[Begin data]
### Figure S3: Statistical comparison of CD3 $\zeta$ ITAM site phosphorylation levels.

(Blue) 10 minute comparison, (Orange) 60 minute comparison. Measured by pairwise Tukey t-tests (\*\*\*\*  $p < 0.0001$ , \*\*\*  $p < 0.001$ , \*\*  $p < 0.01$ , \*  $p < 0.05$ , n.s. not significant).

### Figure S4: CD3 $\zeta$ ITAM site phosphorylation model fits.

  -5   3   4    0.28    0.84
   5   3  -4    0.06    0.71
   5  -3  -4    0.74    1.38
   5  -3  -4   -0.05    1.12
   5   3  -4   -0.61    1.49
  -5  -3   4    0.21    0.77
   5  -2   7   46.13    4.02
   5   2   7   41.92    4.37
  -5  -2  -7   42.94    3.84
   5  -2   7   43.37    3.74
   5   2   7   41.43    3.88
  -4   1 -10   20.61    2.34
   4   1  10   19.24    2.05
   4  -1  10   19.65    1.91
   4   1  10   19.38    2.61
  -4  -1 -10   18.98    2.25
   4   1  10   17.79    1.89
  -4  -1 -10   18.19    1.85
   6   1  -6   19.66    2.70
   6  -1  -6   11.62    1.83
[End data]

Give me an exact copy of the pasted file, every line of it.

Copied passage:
### Figure S3: Statistical comparison of CD3 $\zeta$ ITAM site phosphorylation levels.

(Blue) 10 minute comparison, (Orange) 60 minute comparison. Measured by pairwise Tukey t-tests (\*\*\*\*  $p < 0.0001$ , \*\*\*  $p < 0.001$ , \*\*  $p < 0.01$ , \*  $p < 0.05$ , n.s. not significant).

### Figure S4: CD3 $\zeta$ ITAM site phosphorylation model fits.

  -5   3   4    0.28    0.84
   5   3  -4    0.06    0.71
   5  -3  -4    0.74    1.38
   5  -3  -4   -0.05    1.12
   5   3  -4   -0.61    1.49
  -5  -3   4    0.21    0.77
   5  -2   7   46.13    4.02
   5   2   7   41.92    4.37
  -5  -2  -7   42.94    3.84
   5  -2   7   43.37    3.74
   5   2   7   41.43    3.88
  -4   1 -10   20.61    2.34
   4   1  10   19.24    2.05
   4  -1  10   19.65    1.91
   4   1  10   19.38    2.61
  -4  -1 -10   18.98    2.25
   4   1  10   17.79    1.89
  -4  -1 -10   18.19    1.85
   6   1  -6   19.66    2.70
   6  -1  -6   11.62    1.83